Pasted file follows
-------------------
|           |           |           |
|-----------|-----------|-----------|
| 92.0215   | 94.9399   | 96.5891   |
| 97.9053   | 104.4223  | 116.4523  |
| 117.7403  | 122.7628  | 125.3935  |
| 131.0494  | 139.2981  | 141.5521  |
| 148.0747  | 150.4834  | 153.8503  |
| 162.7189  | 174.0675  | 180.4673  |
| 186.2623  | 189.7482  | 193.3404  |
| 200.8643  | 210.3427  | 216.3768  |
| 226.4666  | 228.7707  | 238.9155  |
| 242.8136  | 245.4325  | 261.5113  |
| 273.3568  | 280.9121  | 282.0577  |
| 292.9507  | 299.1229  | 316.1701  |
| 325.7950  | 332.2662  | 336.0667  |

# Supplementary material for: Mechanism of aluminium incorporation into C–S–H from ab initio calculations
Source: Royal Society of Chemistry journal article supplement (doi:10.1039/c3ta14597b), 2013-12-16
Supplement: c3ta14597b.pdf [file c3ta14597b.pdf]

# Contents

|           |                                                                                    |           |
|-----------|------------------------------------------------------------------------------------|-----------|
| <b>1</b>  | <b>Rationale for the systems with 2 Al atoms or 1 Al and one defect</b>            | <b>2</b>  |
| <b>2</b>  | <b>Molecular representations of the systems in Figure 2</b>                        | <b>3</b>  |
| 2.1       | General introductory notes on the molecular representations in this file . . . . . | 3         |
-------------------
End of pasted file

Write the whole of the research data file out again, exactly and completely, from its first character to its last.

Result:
|           |           |           |
|-----------|-----------|-----------|
| 92.0215   | 94.9399   | 96.5891   |
| 97.9053   | 104.4223  | 116.4523  |
| 117.7403  | 122.7628  | 125.3935  |
| 131.0494  | 139.2981  | 141.5521  |
| 148.0747  | 150.4834  | 153.8503  |
| 162.7189  | 174.0675  | 180.4673  |
| 186.2623  | 189.7482  | 193.3404  |
| 200.8643  | 210.3427  | 216.3768  |
| 226.4666  | 228.7707  | 238.9155  |
| 242.8136  | 245.4325  | 261.5113  |
| 273.3568  | 280.9121  | 282.0577  |
| 292.9507  | 299.1229  | 316.1701  |
| 325.7950  | 332.2662  | 336.0667  |

# Supplementary material for: Mechanism of aluminium incorporation into C–S–H from ab initio calculations
Source: Royal Society of Chemistry journal article supplement (doi:10.1039/c3ta14597b), 2013-12-16
Supplement: c3ta14597b.pdf [file c3ta14597b.pdf]

# Contents

|           |                                                                                    |           |
|-----------|------------------------------------------------------------------------------------|-----------|
| <b>1</b>  | <b>Rationale for the systems with 2 Al atoms or 1 Al and one defect</b>            | <b>2</b>  |
| <b>2</b>  | <b>Molecular representations of the systems in Figure 2</b>                        | <b>3</b>  |
| 2.1       | General introductory notes on the molecular representations in this file . . . . . | 3         |